What does 2015 hold for networking technology? Experts suggest that it will be a year in which elements of the network are reinvented, from the network room all the way out to the edge.
One of the most significant ongoing trends is that the network is being recast in software as convergence takes over, and software-based network solutions continue to capture mindshare in the datacentre said David Hughes, CEO of Silver Peak.
“Many IT engineers are moving aggressively to adopt software-based networking solutions and reaping the benefits of flexibility and cost efficiency,” he said.
Accompanying this move to software-defined networking is network function virtualisation, says Hughes. SDN decouples the data layer from the control layer, breaking them out of the router, which previously controlled them both.
“SDN has changed how we route and direct packets; NFV changes how we deliver services, such as DNS, load balancing and WAN optimization,” he continued.
NFV takes these and other functions such as network address translation and intrusion detection out of proprietary appliances and recasts them in software, which Hughes says makes them easier to manage. He expects more NFV implementations in the coming year, independent of SDN.
“There is no need for service providers to wait for SDN adoption in order to take advantage of NFV,” said Hughes. “Service providers are realizing they can start virtualizing network functions using software today and in 2015, we will see more NFV adoption, independent of SDN roll-outs.”
This convergence may happen beyond the network room, though. Hughes describes the Software Defined WAN (SD-WAN) as an emerging concept that will see production deployments in 2015, and says that it will be necessary to support SDN in many cases.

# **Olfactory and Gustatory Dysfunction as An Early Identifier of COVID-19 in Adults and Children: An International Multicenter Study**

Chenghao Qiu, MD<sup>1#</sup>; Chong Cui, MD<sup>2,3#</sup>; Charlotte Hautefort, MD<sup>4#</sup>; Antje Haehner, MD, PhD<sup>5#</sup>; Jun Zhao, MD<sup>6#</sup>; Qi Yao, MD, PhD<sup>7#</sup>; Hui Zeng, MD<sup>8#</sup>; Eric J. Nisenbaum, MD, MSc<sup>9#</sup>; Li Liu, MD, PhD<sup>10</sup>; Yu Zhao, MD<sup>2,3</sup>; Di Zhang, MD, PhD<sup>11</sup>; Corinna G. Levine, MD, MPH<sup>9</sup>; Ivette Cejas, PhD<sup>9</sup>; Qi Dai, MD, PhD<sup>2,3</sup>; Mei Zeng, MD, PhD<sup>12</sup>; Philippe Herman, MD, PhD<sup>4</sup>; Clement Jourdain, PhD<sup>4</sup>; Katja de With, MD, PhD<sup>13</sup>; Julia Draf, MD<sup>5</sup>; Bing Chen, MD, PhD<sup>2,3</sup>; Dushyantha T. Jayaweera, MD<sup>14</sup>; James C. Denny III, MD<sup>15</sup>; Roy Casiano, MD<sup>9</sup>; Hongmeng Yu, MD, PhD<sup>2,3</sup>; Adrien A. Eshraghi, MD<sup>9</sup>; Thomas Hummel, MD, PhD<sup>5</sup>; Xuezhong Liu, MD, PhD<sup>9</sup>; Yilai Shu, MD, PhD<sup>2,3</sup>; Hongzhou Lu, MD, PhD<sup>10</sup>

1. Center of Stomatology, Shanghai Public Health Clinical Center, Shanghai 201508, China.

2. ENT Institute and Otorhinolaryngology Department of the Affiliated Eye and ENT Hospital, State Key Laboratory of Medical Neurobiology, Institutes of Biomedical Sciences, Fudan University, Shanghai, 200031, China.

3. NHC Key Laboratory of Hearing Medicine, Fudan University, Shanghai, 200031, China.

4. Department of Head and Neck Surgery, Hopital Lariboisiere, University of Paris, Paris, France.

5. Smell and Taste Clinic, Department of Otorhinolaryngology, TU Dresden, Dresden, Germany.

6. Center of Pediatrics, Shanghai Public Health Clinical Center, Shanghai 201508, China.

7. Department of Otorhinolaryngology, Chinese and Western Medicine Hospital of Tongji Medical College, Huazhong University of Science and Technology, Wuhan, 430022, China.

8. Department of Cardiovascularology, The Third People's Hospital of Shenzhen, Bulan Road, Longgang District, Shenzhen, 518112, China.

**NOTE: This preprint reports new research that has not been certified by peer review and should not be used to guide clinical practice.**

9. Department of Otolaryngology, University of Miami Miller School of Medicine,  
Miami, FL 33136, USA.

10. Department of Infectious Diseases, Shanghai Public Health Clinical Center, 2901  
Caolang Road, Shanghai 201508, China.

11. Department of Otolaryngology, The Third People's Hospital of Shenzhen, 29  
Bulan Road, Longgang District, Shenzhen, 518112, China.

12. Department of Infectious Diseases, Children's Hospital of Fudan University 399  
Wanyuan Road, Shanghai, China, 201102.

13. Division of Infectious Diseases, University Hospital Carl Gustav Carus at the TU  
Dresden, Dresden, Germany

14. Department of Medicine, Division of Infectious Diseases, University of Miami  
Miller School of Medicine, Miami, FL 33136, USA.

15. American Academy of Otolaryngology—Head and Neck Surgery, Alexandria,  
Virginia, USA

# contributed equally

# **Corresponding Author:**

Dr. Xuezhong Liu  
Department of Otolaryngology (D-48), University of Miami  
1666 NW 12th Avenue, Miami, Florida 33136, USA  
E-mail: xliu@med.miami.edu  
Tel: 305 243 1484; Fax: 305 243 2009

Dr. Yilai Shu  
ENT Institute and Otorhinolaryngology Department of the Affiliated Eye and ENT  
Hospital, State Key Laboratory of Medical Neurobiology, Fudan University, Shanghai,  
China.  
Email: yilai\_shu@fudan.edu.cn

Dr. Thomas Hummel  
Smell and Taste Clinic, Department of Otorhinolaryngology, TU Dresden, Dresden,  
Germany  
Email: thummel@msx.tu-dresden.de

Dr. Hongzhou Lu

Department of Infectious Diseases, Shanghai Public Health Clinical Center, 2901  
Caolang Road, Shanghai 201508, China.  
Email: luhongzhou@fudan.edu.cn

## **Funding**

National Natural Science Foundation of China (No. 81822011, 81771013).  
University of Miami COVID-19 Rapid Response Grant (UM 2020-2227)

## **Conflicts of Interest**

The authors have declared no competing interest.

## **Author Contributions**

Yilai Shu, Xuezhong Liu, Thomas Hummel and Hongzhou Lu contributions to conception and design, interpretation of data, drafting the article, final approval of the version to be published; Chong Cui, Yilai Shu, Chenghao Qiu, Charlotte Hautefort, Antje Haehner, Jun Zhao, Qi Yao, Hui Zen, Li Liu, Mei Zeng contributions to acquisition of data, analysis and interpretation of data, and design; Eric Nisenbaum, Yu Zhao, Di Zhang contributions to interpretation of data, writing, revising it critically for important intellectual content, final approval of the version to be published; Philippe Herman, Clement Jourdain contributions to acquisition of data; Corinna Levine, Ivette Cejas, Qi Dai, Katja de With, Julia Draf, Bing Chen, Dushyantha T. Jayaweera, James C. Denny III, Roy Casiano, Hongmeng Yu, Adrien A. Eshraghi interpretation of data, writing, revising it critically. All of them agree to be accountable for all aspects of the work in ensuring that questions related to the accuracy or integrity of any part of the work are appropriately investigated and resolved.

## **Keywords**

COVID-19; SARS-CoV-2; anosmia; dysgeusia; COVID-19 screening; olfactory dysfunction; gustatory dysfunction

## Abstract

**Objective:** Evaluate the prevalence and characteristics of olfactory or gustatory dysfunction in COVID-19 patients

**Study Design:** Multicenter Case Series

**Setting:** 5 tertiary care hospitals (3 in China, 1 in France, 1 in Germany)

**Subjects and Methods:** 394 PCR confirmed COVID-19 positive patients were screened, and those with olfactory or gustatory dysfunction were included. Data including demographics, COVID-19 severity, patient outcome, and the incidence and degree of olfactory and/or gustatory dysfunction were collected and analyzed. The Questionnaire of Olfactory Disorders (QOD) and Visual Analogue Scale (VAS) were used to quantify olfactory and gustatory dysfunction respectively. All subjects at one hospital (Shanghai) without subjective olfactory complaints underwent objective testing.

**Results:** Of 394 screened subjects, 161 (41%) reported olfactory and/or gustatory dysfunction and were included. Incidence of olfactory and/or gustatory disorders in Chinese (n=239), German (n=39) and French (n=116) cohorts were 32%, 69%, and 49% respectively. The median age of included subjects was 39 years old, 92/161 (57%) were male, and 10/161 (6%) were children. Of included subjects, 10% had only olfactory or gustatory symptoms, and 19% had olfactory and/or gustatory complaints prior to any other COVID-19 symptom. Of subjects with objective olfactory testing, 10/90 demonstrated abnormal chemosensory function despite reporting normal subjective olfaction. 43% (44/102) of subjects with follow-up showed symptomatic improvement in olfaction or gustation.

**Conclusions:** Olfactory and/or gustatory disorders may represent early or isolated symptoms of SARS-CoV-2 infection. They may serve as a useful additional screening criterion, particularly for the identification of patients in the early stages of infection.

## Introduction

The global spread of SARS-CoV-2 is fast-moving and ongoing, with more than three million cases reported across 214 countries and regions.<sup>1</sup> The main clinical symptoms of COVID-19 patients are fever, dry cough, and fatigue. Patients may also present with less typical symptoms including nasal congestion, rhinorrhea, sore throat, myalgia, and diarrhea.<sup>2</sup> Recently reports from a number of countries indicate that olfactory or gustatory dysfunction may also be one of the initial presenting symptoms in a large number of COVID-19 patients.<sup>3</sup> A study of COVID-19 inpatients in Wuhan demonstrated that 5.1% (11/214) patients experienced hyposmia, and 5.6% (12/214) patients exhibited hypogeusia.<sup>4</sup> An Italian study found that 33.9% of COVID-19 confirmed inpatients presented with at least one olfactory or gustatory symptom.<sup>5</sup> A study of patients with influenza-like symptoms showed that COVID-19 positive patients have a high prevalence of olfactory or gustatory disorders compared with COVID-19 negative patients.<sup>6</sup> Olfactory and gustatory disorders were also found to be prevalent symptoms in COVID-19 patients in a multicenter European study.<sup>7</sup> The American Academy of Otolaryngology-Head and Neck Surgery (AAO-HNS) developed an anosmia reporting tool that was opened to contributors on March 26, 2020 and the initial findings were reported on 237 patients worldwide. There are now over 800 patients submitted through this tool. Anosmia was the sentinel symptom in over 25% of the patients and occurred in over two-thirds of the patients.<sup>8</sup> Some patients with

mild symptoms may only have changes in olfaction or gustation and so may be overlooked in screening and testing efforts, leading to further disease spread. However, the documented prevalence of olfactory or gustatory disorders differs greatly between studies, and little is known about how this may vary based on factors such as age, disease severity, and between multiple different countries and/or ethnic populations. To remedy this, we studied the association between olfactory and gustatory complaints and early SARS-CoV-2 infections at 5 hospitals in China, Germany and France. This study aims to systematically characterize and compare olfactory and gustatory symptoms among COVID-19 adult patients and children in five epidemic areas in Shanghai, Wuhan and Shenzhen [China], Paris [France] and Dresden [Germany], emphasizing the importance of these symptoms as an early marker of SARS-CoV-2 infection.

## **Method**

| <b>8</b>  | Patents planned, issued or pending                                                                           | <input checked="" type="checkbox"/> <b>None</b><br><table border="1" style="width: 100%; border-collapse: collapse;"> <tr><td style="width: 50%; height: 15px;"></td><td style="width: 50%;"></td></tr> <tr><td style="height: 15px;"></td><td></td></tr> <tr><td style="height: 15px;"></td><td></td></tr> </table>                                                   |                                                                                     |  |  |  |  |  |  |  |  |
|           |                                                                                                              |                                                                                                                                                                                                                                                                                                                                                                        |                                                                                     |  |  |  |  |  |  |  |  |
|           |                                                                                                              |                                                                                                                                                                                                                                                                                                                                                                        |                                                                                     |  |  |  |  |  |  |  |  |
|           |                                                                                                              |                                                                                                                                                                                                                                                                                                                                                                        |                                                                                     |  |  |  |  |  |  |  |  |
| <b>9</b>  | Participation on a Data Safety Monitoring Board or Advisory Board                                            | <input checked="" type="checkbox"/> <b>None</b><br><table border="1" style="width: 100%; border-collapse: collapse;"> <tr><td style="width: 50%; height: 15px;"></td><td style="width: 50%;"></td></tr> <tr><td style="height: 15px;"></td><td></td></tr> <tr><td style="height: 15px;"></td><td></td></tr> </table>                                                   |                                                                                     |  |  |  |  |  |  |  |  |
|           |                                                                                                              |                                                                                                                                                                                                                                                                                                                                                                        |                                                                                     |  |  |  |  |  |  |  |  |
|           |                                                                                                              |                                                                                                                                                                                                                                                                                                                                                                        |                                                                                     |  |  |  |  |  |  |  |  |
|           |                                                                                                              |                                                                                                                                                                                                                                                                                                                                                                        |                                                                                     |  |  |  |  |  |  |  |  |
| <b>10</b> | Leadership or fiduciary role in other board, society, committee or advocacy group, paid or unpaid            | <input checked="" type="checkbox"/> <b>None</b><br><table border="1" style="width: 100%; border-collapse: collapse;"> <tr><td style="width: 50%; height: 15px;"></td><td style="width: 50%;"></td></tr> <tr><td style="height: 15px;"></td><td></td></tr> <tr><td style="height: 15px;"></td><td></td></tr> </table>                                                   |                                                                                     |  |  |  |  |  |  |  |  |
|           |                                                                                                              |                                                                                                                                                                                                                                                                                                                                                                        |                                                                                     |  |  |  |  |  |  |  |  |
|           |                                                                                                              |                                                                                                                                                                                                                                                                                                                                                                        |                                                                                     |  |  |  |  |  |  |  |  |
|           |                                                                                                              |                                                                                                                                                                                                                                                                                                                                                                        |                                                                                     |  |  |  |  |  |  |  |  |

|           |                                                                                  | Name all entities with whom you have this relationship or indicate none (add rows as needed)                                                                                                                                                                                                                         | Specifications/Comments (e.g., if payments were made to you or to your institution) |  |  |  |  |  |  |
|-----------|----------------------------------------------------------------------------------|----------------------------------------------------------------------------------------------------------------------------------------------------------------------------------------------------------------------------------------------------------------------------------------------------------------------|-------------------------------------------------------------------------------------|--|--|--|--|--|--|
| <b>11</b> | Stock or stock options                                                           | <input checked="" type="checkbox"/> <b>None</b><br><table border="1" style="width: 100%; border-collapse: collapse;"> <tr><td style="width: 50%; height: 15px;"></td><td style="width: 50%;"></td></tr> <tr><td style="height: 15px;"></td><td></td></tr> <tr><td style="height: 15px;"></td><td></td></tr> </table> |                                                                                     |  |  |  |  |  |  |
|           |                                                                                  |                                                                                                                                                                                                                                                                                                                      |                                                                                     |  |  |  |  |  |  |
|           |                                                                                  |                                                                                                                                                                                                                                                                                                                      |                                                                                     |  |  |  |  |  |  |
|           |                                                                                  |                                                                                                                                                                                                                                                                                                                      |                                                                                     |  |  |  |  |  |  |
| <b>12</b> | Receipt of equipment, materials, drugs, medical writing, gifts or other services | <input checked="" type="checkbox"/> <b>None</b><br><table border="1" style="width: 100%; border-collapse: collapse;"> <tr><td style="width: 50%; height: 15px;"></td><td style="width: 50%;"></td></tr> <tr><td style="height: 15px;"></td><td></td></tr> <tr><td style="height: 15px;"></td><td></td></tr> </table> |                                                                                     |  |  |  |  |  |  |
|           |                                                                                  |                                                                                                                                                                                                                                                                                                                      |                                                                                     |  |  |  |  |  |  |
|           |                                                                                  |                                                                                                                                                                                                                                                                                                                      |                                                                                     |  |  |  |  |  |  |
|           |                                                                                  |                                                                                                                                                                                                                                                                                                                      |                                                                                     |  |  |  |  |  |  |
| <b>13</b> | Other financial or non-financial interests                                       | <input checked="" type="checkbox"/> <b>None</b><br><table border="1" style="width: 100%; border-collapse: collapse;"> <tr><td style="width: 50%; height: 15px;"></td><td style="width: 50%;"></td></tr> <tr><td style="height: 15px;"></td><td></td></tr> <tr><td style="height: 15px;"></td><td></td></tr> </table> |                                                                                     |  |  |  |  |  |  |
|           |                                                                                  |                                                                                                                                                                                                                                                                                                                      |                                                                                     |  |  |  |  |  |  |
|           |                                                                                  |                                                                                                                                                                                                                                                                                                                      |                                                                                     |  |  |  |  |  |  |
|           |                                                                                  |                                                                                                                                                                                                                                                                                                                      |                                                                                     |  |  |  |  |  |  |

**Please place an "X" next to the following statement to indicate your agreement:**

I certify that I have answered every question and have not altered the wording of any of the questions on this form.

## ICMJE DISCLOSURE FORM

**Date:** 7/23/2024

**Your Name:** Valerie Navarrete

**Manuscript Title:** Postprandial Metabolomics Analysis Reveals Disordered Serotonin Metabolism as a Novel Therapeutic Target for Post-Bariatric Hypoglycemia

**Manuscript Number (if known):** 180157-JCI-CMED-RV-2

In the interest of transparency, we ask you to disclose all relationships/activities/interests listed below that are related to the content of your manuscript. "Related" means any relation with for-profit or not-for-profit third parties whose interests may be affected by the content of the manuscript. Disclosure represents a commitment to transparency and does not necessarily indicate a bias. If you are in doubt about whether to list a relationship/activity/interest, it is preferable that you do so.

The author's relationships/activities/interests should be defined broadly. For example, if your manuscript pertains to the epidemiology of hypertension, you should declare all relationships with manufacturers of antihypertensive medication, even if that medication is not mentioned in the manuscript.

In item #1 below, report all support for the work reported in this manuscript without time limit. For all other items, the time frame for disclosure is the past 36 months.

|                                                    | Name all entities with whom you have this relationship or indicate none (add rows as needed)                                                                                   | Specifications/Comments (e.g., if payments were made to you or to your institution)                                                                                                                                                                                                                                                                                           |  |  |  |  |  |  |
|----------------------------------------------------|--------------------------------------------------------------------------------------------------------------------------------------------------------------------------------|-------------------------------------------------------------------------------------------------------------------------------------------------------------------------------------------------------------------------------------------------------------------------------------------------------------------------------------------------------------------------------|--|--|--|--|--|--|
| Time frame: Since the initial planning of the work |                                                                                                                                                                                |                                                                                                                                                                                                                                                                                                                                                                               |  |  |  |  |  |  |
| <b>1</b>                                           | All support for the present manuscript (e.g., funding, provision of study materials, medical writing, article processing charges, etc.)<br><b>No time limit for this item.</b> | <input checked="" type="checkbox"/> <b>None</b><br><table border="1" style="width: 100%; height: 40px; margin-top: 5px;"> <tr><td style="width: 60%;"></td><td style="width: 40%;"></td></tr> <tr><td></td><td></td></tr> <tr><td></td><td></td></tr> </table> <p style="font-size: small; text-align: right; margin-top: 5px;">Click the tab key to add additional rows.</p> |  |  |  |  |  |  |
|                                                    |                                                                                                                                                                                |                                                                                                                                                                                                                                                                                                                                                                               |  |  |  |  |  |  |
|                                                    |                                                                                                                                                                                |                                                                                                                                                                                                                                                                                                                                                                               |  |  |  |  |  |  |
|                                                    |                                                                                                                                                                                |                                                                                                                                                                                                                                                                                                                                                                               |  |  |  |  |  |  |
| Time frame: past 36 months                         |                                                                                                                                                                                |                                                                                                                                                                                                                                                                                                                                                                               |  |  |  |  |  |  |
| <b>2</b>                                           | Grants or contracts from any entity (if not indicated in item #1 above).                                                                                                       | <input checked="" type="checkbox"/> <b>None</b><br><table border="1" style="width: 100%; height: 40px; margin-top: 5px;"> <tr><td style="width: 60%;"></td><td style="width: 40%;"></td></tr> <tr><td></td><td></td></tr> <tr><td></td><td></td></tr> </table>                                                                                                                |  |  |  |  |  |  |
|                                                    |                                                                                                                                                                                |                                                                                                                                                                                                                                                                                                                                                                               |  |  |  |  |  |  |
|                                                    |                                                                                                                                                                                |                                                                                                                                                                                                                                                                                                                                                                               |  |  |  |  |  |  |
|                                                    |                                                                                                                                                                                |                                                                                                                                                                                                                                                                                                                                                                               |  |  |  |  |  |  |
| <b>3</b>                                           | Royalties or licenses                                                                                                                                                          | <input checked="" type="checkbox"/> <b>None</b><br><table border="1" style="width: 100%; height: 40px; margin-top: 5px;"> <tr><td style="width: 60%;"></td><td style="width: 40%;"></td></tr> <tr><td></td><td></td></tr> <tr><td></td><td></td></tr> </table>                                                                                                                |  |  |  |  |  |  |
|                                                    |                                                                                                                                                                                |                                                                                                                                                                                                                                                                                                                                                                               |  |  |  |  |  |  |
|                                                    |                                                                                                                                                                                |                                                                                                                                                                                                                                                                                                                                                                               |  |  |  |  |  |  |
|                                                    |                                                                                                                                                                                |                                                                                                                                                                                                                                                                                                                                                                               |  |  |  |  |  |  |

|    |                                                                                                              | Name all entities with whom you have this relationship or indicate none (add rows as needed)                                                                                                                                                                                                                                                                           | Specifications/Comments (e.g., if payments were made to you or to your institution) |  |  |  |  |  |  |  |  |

“The challenge with SDN in particular is that most business processes must cross the conventional wide area network (WAN) and at that point that SDN breaks down,” he argues, suggesting that routing architectures and peering policies don’t support routing mission-critical applications any better than non-critical ones across a WAN.
”It’s precisely in addressing these and other challenges that SD-WANs become so critical,” he suggests.
Why would such granular control over applications at a wide-area level become such an issue now? SaaS plays a part, he believes, arguing that companies are looking for optimisation solutions that handle SaaS implementations across the board, rather than individual arrangements with particular SaaS service providers.
To complicate the picture, some experts believe that the network boundaries are also blurring between the Internet, cloud and corporate networks. They predict a convergence of branch routers, content distribution networks, and managed network and cloud services.
Graham Williams, chief operating officer of datacenter provider Cologix, says that what worked for content delivery networks over the last couple of decades will start to work for providers of cloud services. CDNs cached their services close to the delivery point, minimising the need to haul lots of traffic over expensive wide area networks.
“Now we are starting to see that manifest itself in cloud architectures as well,” Williams said, describing large data farms sitting in location-agnostic positions, near huge, cheap power sources. “The more popular applications then get housed and stored temporarily at the edge of the network,” he mused.
What will all of this mean to CIOs? As software-defined networking and network function virtualisation become more prevalent, it will give them greater control over their networks and more agility. And as wide area infrastructures evolve to deliver cloud-based SaaS content closer to the user and possibly with greater granularity of service, this could increase the level of interest in more mission-critical cloud-based services. However, there are other concerns facing heavily regulated companies there, including security and compliance issues. Performance isn’t the only benchmark.